Well, sort of. Hollywood's take on serious usually means costume-heavy period pieces and overwrought dramas, and plenty of those do show up in the autumn lineup. But the season also has a curious palette for action flicks, screwball comedies and some super-sized sequels that might make you think it's summertime all over again.
September kicks off with an odd turn from Macaulay Culkin, who plays homicidal alone in Party Monster. It's the true story of New York party boy Michael Alig, who kills his drug dealer (Wilson Cruz).
Later that month Lost in Translation gives us another peek at screenwriter Sofia Coppola's (The Virgin Suicides) unique cinematic aesthetic. She directs Bill Murray in an eccentric drama set in Tokyo.
The month wraps up with the first of Nicole Kidman's two fall efforts, The Human Stain. It's based on the Philip Roth novel and pairs her romantically with Anthony Hopkins (eww). She surfaces later in Cold Mountain, which it turns out actually isn't an autobiography of her marriage to Tom Cruise.
October arrives with Quentin Tarantino's much-anticipated Japanimation-inspired kung-fu flick Kill Bill, which the director is releasing in two separate 90-minute parts. Uma Thurman stars as an assassin bent on revenge, and a handful of other Tarantino alum also surface. But the month's oddest offering has to be Intolerable Cruelty. There's something a bit unsettling in that the Coen Brothers (O Brother Where Art Thou?, Fargo) are behind a movie billed as "a romantic comedy with bite." George Clooney faces Catherine Zeta-Jones in a battle of the sexes. You can say "bite" again.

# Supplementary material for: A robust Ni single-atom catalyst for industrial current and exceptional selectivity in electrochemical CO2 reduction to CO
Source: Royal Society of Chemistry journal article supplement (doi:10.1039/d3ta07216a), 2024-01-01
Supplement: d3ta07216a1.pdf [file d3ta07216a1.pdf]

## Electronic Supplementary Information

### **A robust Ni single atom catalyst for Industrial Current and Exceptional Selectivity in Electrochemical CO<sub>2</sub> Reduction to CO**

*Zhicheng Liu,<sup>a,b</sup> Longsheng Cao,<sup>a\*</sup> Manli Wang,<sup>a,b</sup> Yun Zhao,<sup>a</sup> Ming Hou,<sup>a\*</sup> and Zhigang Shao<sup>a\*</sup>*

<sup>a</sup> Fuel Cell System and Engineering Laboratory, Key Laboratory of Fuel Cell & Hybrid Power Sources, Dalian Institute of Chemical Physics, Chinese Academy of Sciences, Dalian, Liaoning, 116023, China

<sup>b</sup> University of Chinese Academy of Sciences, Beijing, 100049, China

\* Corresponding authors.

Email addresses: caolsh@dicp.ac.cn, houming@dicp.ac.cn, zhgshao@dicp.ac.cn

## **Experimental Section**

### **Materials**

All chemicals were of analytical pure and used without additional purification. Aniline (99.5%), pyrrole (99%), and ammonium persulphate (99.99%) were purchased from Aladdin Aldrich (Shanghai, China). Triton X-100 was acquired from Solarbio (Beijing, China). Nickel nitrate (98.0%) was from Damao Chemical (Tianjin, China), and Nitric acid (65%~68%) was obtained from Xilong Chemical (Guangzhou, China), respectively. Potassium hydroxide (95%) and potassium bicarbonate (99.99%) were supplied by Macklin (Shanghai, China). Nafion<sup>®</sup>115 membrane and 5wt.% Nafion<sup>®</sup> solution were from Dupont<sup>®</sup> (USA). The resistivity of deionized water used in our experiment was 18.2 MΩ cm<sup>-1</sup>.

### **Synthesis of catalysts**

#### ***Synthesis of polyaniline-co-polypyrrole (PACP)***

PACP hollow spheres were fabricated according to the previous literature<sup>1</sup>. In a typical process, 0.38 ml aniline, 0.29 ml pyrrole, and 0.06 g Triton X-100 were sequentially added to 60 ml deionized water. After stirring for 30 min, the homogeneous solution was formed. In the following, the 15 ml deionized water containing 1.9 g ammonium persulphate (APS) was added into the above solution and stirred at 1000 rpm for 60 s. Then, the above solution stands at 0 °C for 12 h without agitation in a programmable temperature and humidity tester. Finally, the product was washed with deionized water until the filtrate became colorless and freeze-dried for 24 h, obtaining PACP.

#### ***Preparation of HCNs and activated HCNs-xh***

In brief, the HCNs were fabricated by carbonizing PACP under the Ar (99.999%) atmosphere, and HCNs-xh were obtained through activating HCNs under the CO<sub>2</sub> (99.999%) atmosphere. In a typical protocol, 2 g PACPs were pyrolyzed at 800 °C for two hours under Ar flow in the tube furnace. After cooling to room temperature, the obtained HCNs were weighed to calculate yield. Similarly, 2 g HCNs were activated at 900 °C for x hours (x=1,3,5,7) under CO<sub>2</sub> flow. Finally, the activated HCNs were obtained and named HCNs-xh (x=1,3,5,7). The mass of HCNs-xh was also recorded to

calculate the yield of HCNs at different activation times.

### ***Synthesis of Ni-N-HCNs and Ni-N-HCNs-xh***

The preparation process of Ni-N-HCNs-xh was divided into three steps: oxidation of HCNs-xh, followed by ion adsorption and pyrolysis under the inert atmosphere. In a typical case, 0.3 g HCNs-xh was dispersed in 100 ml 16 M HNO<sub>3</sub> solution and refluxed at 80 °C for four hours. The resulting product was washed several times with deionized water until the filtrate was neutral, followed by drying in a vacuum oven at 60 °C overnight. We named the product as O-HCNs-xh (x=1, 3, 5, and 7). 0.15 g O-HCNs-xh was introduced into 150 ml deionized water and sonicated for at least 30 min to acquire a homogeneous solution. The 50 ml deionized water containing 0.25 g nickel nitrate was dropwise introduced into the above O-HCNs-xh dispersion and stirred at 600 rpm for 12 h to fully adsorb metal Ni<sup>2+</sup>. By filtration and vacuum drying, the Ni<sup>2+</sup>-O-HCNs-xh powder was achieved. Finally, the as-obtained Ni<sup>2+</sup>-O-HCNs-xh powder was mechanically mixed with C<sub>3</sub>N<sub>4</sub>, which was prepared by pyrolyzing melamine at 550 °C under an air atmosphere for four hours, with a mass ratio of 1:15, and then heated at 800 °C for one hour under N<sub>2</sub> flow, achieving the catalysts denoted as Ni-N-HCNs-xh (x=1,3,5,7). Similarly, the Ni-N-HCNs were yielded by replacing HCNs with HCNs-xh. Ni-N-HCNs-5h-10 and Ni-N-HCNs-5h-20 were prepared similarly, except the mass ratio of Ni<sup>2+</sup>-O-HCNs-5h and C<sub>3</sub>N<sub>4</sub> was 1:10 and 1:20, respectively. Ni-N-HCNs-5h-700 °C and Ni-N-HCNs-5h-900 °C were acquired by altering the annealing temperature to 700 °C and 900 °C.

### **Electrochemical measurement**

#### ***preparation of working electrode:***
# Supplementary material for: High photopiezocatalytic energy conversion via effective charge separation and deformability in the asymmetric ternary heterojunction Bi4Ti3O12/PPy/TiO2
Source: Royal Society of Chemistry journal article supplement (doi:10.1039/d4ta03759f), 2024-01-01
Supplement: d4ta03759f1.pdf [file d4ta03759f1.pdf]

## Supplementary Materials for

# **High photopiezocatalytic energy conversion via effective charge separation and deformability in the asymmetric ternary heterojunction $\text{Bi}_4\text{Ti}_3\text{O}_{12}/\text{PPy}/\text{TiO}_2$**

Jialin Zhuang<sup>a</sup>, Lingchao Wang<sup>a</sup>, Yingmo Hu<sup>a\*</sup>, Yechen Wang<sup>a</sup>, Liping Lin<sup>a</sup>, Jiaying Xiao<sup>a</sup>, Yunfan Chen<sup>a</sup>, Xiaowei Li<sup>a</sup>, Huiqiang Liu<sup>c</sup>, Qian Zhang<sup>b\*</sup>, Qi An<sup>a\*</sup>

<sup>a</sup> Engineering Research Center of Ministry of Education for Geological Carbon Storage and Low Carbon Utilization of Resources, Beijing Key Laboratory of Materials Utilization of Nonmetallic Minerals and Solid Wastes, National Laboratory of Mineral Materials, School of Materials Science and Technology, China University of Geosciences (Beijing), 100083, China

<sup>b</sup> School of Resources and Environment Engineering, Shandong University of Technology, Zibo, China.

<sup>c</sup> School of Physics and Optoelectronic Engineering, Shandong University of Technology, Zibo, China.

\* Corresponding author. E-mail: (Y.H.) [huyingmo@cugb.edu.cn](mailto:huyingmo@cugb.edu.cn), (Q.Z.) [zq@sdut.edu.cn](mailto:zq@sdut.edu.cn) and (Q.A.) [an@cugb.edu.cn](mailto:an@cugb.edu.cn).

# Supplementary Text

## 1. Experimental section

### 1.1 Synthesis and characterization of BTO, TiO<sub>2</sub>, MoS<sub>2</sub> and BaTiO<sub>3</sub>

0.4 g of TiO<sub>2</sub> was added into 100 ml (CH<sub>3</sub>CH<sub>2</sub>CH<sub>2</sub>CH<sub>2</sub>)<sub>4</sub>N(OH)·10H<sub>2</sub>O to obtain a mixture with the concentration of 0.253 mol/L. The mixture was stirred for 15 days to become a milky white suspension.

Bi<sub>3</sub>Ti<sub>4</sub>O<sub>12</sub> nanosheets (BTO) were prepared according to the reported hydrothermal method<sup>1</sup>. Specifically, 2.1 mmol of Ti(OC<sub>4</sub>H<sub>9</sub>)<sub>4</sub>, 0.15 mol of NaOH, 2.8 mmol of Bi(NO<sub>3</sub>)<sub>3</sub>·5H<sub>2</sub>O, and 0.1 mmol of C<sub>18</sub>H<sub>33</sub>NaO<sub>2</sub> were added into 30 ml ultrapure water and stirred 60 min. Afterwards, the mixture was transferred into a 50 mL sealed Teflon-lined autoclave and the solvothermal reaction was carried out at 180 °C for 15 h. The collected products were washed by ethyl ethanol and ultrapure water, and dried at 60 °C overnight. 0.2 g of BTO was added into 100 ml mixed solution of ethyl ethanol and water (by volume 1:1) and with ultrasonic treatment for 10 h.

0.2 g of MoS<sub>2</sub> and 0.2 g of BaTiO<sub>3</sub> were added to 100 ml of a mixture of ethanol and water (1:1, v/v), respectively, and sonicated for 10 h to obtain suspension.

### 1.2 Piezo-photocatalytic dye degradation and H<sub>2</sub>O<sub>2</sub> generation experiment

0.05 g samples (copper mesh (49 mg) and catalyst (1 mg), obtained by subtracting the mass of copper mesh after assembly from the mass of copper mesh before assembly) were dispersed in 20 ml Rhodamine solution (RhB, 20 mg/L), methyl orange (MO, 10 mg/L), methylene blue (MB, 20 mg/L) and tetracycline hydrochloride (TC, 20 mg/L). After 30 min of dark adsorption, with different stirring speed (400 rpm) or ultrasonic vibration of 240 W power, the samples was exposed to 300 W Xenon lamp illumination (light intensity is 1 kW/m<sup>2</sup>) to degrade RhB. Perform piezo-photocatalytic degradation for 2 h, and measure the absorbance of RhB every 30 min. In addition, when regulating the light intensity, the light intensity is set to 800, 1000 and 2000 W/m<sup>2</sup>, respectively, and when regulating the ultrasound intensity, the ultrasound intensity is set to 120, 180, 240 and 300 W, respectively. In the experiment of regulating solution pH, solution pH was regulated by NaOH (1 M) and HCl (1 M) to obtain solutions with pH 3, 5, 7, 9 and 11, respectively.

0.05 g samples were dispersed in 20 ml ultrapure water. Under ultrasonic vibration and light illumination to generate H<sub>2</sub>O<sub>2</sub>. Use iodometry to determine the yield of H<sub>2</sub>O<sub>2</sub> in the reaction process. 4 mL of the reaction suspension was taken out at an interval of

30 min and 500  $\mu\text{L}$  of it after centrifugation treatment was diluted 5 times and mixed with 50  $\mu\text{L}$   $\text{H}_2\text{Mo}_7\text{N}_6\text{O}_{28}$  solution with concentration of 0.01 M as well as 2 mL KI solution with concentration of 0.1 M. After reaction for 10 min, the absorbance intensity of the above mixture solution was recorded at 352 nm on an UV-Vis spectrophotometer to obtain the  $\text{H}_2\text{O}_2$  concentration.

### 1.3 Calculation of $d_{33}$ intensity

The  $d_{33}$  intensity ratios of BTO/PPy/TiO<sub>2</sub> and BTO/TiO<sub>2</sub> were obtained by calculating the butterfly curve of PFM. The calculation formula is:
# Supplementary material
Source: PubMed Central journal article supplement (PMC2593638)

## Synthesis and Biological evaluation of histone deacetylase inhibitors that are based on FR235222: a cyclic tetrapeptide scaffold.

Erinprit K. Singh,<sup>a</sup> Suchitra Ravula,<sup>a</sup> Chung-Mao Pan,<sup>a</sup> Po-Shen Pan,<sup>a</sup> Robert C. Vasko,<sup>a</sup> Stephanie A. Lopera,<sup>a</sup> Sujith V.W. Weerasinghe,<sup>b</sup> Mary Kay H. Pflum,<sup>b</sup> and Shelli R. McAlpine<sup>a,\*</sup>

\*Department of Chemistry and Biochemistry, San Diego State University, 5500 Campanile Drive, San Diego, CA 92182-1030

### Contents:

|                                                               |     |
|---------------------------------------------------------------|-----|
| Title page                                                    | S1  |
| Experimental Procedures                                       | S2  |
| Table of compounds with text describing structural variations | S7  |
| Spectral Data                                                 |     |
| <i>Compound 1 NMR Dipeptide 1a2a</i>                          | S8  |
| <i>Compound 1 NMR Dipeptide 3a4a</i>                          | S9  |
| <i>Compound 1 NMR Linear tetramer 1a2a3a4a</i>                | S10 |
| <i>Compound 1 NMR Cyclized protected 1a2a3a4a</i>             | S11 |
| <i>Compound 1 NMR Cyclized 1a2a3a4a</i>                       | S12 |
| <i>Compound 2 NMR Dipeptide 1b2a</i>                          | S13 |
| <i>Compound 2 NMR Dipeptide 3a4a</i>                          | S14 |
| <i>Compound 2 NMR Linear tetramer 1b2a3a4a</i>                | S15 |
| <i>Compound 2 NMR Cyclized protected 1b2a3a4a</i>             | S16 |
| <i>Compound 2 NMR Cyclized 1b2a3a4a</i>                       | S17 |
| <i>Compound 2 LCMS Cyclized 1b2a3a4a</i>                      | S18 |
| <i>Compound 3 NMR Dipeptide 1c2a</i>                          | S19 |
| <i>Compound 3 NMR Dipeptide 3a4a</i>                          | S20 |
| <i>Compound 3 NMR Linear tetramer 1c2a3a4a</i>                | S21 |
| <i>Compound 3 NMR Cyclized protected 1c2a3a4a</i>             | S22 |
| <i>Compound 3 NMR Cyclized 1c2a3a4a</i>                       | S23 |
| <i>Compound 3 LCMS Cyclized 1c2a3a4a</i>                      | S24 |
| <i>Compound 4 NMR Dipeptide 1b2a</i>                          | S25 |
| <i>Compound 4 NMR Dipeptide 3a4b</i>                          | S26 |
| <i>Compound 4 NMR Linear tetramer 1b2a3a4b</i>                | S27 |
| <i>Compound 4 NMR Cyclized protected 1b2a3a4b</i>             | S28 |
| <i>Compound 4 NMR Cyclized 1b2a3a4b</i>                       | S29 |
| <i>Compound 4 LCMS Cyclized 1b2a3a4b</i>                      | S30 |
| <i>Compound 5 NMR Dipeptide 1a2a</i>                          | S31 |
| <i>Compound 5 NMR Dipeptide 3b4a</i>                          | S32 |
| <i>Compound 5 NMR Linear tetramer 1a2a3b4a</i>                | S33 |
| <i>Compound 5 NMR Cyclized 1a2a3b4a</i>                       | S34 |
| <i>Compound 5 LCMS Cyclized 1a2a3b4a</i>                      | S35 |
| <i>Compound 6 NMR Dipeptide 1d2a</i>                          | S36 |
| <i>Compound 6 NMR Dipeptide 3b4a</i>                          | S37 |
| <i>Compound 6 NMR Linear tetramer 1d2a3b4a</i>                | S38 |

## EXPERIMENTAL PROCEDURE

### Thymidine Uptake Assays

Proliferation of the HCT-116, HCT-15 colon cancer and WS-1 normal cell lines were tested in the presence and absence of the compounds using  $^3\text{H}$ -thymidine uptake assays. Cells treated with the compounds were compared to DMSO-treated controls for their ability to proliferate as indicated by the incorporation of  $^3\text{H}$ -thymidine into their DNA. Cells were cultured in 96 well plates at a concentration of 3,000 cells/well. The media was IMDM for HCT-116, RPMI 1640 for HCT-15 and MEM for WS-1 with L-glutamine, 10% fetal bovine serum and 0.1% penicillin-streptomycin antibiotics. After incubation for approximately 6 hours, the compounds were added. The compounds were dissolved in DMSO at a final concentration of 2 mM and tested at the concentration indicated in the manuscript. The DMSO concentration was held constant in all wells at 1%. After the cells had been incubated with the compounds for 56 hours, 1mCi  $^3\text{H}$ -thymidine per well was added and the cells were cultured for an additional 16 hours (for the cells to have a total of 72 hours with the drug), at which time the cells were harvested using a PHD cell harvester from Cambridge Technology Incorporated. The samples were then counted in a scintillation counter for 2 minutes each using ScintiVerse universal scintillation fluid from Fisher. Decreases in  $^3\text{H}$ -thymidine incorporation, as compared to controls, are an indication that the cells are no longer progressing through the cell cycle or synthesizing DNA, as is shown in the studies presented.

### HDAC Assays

Russell Crowe returns in November with another high-energy historical epic, Master and Commander: The Far Side of the World. The nautical drama puts the action on board a battleship during the Napoleonic Wars. We'll go ahead and blame Pirates of the Caribbean for the ship-centric setting, even though it's probably unrelated.
Speaking of the sea, an insanely expensive cast (Will Smith, Renee Zellweger, Robert DeNiro) assembles for Sharkslayer, this year's second underwater animated movie.
November also serves up The Matrix: Revolutions, and we can only pray that the psycho-babble of the second film will make some granule of sense once this, the trilogy's concluding chapter, ends. It almost certainly won't stand up against the season's other grand finale flick, The Lord of the Rings: The Return of the King, opening in December. The seemingly endless fantasy trilogy finally ends with Frodo (Elijah Wood) reaching Mt. Doom just moments before LOTR burnout kicks in.
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